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July 27, 2023

Commodity correlation, currency effects, Bitcoin rallies and the Fed

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Karl-Philip Nilsson
Usama Karatella
Editor:
Keith Campbell
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For stock investing, your local currency has rarely mattered more

Charts of the Week: Commodity correlation, currency effects, Bitcoin rallies and the Fed

When investing in equities outside your home market, you’re also trying your hand at a bit of currency speculation, at least in the short to medium term. This has been even more the case over the past 12 months. First, the “King Dollar” period saw the greenback crush almost all competition; this was followed by a retreat.

This chart examines the returns for a hypothetical US investor’s non-American stocks this year. Performance is split into stocks’ return in local currency (in blue) and the currency effect (in green). These net out to a total return represented by the purple dots.

Japan has had a hot equity market this year – but the weak JPY is working against you if you’re measuring your performance in USD. By contrast, US-based investors’ European stock returns have been boosted by EUR strength – and this is even more the case for investors with exposure to Latin American equities and currencies. 

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Visualising volatile commodities and their moves in tandem

Charts of the Week: Commodity correlation, currency effects, Bitcoin rallies and the Fed

Commodity volatility is a well-known phenomenon. But it can be interesting to visualise how different commodities often trade in unison. 

This chart tracks the percentage share of different commodities that were posting a positive monthly return at a given moment over the past four and a half years. Purple represents agricultural commodities, metals are in blue, and energy is in green.

The crash during the outbreak of the pandemic, famous for its negatively priced oil, is clearly visible. Most commodities snapped back after that initial shock.

The unified swoon in mid-2022 is also interesting. The market was unwinding the price shock that followed Russia’s invasion of Ukraine; meanwhile, concerns about rate increases were beginning to weigh on perceptions of US demand. China’s still locked-down economy remained sluggish. 

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Changing perceptions in the Fed funds futures market

Charts of the Week: Commodity correlation, currency effects, Bitcoin rallies and the Fed

In the wake of the Federal Reserve lifting its key interest rate to a 22-year high this week – and another GDP print that was stronger than expected – this visualisation shows how the elusive “pivot” to rate cuts has been pushed further out, at least as far as futures markets are concerned. (Remember that in May, the market expected a lengthy “pause” through 2023.)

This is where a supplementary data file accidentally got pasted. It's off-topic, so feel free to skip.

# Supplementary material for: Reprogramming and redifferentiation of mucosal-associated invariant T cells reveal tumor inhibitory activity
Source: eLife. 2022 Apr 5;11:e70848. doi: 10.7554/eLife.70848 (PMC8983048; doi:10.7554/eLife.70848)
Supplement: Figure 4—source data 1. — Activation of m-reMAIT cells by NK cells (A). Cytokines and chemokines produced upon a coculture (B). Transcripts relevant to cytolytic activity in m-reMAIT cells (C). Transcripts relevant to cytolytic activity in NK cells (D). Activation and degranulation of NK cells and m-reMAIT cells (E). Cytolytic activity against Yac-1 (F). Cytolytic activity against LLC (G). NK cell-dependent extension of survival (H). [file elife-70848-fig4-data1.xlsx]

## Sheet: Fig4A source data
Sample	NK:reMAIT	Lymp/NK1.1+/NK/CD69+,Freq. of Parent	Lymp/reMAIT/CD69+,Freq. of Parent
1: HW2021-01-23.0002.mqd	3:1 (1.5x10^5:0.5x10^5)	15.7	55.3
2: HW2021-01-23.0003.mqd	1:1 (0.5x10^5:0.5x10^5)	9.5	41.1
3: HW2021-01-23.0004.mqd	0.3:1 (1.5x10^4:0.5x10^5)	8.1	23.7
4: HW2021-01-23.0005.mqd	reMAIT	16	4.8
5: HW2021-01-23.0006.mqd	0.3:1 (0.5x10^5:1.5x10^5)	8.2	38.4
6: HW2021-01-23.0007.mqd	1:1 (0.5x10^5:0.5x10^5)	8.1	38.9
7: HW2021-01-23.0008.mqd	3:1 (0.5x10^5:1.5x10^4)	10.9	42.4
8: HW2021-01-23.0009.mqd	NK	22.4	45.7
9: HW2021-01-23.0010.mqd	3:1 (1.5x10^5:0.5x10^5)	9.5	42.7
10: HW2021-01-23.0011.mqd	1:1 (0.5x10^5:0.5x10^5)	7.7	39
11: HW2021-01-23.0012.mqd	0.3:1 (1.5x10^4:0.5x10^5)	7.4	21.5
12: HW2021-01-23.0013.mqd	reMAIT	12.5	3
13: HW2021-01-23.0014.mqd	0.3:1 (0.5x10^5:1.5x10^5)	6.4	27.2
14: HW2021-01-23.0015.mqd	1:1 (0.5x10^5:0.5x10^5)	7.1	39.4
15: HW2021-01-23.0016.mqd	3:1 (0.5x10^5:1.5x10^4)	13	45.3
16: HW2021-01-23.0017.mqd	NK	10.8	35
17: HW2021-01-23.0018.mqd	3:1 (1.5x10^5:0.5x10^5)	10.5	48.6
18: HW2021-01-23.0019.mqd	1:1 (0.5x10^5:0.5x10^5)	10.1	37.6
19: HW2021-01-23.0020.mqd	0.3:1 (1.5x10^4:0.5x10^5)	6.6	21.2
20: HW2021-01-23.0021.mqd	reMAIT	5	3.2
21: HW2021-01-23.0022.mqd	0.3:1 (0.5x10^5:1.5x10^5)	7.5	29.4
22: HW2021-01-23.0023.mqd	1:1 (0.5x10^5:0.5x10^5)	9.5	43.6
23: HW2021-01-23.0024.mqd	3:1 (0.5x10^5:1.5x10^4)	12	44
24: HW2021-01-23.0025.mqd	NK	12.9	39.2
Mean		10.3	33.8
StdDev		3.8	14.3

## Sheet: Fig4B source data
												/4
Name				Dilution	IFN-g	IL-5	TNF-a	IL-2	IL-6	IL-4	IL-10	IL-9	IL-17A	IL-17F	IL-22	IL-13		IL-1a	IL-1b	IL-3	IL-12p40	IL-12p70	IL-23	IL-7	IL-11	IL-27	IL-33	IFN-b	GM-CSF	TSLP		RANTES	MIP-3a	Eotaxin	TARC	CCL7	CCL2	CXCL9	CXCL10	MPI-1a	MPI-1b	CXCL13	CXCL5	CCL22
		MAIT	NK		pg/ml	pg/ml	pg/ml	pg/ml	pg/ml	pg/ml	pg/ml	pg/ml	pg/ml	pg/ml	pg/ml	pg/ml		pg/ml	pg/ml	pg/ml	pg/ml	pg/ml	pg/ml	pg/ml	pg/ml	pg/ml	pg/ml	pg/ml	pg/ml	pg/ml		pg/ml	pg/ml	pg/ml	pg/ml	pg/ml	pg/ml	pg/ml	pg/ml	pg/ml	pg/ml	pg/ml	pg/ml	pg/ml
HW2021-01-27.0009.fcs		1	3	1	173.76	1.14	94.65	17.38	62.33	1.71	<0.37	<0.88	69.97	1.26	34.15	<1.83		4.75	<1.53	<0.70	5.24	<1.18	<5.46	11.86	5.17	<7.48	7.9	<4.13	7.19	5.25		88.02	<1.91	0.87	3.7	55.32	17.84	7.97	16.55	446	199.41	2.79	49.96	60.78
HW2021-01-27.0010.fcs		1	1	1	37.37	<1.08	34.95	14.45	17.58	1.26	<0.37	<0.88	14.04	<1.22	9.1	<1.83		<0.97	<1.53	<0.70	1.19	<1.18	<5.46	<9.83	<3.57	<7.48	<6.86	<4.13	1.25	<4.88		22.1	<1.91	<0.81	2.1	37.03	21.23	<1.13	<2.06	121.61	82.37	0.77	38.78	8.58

The columns represent five upcoming Fed meetings. The large blue bar indicates the probabilities that are seen today. For the September meeting, futures estimate that there’s a roughly 75 percent chance of the key rate staying in its current range of 5.25 to 5.5 percent; there’s a 25 percent chance of a hike one step up.

The smaller bars represent the market’s perceptions two weeks and a month ago. Interestingly, the market seems to have become more convinced of a Fed “pause” this fall, rather than one or even two more rate hikes.

The market is pricing a very small chance of a pivot in December and somewhat larger probability for cuts in January or March.

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Disinflation isn’t a thing in Argentina

Disinflation is spreading around the world, but there are a few exceptions. One is Argentina, Latin America’s third-biggest economy and a nation with grim experience of historic episodes of hyperinflation.

Earlier in 2023, year-on-year inflation soared past 100 percent for the first time in 30 years. In June, the annualised inflation print reached 115 percent. 

This chart visualises the change in consumer prices as a steady progression over the course of various calendar years. Last year was an record outlier in recent history, and this year is even worse. 

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Bitcoin crash cycles

Charts of the Week: Commodity correlation, currency effects, Bitcoin rallies and the Fed

Now that cryptocurrencies have been around for more than a decade, grizzled veterans of the space can say they’ve experienced four different crashes: 2011, 2013, 2017 and 2021.

This chart tracks Bitcoin and compares the lengths, in days, of these four episodes’ drawdowns and recoveries. 

The 2011 crash (in blue) was unlike the others: it was the deepest, and also had the quickest recovery to its pre-crash level – 625 days. 

The current, post-2021 cycle (in orange) also just hit 625 days. A repeat of the post-2013 and 2017 cycles would see Bitcoin take two more years to climb back to its previous peak. 

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China’s youth unemployment

Charts of the Week: Commodity correlation, currency effects, Bitcoin rallies and the Fed

Youth unemployment in China has stayed well above pre-pandemic norms following the dismantling of zero-Covid restrictions, even as overall urban unemployment is improving. 

Joblessness among 16-to-24-year-olds reached 21.3 percent in June, nearly double that cohort’s level in June 2019.

The seasonality in the chart is notable, showing the effects of new graduates entering the workforce in the summer.

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